Children often engage in play independently from adults. However, educators have an important role in setting up play experiences. They can also join in play when relevant, in order to model new play behaviours and language (Smilansky, 1968; Fleer, 2016). This involvement of educators allows children to be challenged to build upon their independent play.
Because play can take many forms as a teaching practice, it is difficult to measure its impact on language learning specifically. Some reviews of research indicate that play is associated with the development of language and literacy skills, but it is not always possible to say that play itself has caused these changes in development (Lillard et al., 2013; Christie & Roskos, 2015).
Ongoing investigations are underway to investigate the relationship between play and emergent literacy, with some research indicating that metaplay (i.e. communications between children during play experiences about how to play) is more strongly linked to emergent literacy development than symbolising abilities (i.e. pretending that a block is a car) (see discussion in Hall, 2017).
Weisberg, Zosh and Hirsh-Pasek’s (2013) made the following conclusions about the links between play and language/emergent literacy:
- play allows children to practice using symbols and understanding symbolic relationships (a key part of emergent literacy development)
- play encourages children to explore the use of symbols, and representations (both visual and code-based) to communicate messages in context
- during play, there is a significant amount of language used by children, their peers, and adults, providing numerous opportunities to hear, practice, and learn language and emergent literacy
- play allows children to be in control and engaged in the interaction, and when adults follow this lead, children are likely to develop their language and emergent literacy skills more (compared to an adult-led experience).
Links to VEYLDF
Outcome 1: identity
Children feel safe, secure and supported
- confidently explore and engage with social and physical environments through relationships and play
- initiate and join in play
- explore aspects of identity through role-play
Children learn to interact in relation to others with care, empathy and respect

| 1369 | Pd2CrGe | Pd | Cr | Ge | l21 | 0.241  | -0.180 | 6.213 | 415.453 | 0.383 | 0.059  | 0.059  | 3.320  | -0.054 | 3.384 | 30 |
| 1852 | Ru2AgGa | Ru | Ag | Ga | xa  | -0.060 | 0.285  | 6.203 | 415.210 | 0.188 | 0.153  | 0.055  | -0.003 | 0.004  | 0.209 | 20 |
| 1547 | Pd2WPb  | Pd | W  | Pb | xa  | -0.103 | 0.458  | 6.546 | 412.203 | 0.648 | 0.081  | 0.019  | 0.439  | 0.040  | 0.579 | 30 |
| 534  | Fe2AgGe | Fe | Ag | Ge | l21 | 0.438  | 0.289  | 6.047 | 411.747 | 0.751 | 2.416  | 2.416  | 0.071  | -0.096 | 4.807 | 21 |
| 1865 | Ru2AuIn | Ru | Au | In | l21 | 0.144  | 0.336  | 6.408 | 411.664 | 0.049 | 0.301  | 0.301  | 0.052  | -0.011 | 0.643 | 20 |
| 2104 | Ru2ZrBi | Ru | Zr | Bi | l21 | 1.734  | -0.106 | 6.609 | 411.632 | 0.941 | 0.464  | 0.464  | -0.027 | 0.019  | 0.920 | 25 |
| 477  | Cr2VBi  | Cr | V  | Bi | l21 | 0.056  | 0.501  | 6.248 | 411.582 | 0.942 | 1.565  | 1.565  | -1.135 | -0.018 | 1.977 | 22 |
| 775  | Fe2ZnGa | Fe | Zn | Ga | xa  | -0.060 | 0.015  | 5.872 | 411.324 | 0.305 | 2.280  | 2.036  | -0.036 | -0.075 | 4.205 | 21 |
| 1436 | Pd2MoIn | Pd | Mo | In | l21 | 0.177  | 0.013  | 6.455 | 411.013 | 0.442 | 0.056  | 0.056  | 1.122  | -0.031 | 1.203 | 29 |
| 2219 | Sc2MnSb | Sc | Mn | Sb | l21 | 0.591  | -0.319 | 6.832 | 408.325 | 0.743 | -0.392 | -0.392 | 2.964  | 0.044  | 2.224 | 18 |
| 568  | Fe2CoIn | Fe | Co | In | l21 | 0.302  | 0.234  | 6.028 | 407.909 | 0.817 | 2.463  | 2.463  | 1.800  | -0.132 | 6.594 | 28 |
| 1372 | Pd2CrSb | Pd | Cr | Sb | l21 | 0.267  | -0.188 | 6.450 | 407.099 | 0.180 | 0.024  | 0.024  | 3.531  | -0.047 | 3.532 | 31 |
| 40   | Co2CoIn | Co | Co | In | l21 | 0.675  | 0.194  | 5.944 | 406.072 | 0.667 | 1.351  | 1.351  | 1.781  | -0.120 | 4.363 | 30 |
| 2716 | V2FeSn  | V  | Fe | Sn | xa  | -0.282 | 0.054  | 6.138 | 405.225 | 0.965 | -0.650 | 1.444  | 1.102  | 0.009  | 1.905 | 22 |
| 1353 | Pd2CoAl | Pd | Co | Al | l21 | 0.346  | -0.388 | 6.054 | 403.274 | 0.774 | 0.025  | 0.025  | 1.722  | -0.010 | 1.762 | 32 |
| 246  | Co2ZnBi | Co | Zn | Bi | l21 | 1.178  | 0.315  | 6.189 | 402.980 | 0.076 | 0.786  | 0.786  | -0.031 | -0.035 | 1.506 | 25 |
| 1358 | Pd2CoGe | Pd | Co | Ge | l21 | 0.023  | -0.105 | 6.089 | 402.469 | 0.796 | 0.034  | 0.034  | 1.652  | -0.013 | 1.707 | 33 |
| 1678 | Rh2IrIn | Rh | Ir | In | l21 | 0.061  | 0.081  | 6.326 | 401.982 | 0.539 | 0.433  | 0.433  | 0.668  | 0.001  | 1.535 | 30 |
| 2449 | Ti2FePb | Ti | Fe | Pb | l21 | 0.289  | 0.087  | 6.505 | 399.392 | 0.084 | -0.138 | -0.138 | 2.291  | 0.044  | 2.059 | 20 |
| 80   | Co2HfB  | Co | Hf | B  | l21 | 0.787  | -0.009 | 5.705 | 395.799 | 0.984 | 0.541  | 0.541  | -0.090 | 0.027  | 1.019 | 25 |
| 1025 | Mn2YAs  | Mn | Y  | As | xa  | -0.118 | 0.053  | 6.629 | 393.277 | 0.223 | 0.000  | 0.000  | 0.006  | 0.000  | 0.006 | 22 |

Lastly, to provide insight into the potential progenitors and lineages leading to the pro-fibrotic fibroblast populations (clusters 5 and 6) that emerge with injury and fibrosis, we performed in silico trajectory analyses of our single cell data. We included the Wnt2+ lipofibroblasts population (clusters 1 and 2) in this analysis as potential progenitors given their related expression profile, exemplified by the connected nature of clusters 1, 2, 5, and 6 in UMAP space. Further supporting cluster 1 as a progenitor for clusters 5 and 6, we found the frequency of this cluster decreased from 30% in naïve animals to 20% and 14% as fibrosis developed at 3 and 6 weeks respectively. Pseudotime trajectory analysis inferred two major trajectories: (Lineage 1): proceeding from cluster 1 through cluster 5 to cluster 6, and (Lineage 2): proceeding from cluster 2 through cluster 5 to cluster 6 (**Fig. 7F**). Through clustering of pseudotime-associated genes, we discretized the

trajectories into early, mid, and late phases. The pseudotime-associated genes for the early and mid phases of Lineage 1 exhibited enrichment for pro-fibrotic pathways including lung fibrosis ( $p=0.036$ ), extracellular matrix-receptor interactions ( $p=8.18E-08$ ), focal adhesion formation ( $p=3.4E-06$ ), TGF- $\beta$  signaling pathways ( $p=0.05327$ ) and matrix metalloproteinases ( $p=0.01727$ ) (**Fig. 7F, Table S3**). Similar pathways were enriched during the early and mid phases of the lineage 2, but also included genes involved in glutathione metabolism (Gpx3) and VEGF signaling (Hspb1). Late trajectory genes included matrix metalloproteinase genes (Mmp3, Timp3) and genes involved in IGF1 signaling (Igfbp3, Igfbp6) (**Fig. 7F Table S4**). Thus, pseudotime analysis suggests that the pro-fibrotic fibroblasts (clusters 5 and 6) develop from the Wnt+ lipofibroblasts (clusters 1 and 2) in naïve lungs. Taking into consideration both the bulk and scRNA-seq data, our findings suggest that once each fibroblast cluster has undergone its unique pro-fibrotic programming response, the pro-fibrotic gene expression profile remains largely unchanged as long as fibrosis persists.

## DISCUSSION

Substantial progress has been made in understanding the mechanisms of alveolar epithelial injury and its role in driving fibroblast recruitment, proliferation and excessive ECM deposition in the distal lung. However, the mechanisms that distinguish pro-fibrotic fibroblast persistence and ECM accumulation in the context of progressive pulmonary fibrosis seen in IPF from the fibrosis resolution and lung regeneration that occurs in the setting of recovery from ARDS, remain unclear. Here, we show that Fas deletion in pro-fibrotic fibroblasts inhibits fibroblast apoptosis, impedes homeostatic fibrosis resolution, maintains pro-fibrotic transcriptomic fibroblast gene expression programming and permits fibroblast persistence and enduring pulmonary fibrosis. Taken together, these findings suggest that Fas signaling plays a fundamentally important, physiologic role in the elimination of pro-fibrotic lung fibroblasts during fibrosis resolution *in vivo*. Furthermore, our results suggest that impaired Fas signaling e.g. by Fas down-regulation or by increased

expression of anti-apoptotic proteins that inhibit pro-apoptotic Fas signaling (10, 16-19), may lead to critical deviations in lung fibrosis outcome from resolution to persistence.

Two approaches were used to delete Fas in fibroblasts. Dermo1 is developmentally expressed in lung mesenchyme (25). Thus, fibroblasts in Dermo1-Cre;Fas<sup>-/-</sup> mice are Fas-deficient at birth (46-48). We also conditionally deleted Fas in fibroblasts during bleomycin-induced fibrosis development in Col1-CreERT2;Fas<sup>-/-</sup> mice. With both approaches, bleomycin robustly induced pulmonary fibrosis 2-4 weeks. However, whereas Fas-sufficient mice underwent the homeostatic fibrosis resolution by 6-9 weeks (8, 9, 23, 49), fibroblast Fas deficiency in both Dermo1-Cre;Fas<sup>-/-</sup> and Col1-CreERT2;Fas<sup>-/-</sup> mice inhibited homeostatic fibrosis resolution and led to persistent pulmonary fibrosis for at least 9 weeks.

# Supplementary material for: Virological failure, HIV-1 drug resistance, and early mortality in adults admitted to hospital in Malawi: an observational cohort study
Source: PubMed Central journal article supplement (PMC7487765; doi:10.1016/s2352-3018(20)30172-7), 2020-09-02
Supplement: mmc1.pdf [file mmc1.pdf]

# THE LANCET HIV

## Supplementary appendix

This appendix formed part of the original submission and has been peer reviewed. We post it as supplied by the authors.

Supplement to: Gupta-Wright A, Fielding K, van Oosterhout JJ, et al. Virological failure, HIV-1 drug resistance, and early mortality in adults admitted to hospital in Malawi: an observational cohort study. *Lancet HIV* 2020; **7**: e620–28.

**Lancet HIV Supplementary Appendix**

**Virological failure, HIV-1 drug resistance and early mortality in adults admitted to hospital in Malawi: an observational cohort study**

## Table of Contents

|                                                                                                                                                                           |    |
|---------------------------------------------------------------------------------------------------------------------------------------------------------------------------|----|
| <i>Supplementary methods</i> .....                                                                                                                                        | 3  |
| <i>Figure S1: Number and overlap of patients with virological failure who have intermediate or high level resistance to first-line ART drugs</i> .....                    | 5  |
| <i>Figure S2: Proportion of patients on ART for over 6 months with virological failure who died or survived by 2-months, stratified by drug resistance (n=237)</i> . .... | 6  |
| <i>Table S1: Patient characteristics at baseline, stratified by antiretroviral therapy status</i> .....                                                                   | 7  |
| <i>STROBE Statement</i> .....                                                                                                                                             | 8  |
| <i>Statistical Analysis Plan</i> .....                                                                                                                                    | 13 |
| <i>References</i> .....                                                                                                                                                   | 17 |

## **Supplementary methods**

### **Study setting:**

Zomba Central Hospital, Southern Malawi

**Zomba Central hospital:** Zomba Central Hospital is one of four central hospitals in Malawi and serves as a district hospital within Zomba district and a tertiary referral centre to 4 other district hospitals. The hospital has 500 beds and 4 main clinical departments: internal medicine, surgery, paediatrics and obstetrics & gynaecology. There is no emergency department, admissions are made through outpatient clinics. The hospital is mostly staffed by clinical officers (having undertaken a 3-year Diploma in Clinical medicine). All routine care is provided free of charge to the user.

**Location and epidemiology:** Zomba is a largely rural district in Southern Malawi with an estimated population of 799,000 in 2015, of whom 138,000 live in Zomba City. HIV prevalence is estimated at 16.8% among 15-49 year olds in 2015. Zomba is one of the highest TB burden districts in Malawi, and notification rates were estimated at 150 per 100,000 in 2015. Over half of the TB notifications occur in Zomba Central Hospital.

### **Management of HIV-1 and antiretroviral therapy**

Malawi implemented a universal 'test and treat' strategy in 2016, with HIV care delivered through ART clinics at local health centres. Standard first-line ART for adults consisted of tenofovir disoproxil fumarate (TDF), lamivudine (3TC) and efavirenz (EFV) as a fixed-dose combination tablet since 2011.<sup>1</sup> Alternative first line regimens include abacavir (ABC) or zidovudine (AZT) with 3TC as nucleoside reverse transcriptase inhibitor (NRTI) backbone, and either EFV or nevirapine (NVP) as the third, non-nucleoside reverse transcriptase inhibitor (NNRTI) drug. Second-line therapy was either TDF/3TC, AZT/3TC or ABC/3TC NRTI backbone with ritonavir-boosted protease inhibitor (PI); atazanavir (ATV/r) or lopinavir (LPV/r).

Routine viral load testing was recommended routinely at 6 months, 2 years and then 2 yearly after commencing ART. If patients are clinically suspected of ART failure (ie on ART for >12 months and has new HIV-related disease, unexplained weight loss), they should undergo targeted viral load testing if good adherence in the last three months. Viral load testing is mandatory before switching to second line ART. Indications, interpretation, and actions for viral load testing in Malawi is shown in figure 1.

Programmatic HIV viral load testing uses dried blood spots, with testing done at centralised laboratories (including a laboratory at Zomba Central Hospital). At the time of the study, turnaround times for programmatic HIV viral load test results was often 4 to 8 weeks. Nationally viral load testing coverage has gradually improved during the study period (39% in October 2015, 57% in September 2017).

- engage in and contribute to shared play experiences.
Outcome 2: community
Children develop a sense of belonging to groups and communities and an understanding of the reciprocal rights and responsibilities necessary for active civic participation
- cooperate with others and negotiate roles and relationships in play episodes and group experiences
- build on their own social experiences to explore other ways of being
- understand different ways of contributing through play and projects
- are playful and respond positively to others, reaching out for company and friendship
Children become socially responsible and show respect for the environment
• use play to investigate, project and explore new ideas.
Outcome 4: learning
Children develop dispositions for learning such as curiosity, cooperation, confidence, creativity, commitment, enthusiasm, persistence, imagination and reflexivity
- use play to investigate, imagine and explore ideas
- initiate and contribute to play experiences emerging from their own ideas
Children transfer and adapt what they have learnt from one context to another
- use the processes of play, reflection and investigation to problem-solve
Children resource their own learning through connecting with people, place, technologies and natural and processed materials
- explore ideas and theories using imagination, creativity and play cultures
Outcome 5: communication
Children interact verbally and non-verbally with others for a range of purposes
- use language and representations from play, music and art to share and project meaning
- contribute their ideas and experiences in play and small and large group discussion
- exchange ideas, feelings and understandings using language and representations in play
- convey and construct messages with purpose and confidence, building on literacies of home and/or family and the broader community
Children engage with a range of texts and get meaning from these texts
- listen and respond to sounds and patterns in speech, stories and rhymes in context
- view and listen to printed, visual and multimedia texts and respond with relevant gestures, actions, comments and/or questions
- sing chant rhymes, jingles and songs
- take on roles of literacy and numeracy users in their play
- begin to understand key literacy and numeracy concepts and processes, such as the sounds of language, letter–sound relationships, concepts of print and the ways that texts are structured
- explore texts from a range of different perspectives and begin to analyse the meanings
- actively use, engage with and share the enjoyment of language and texts in a range of ways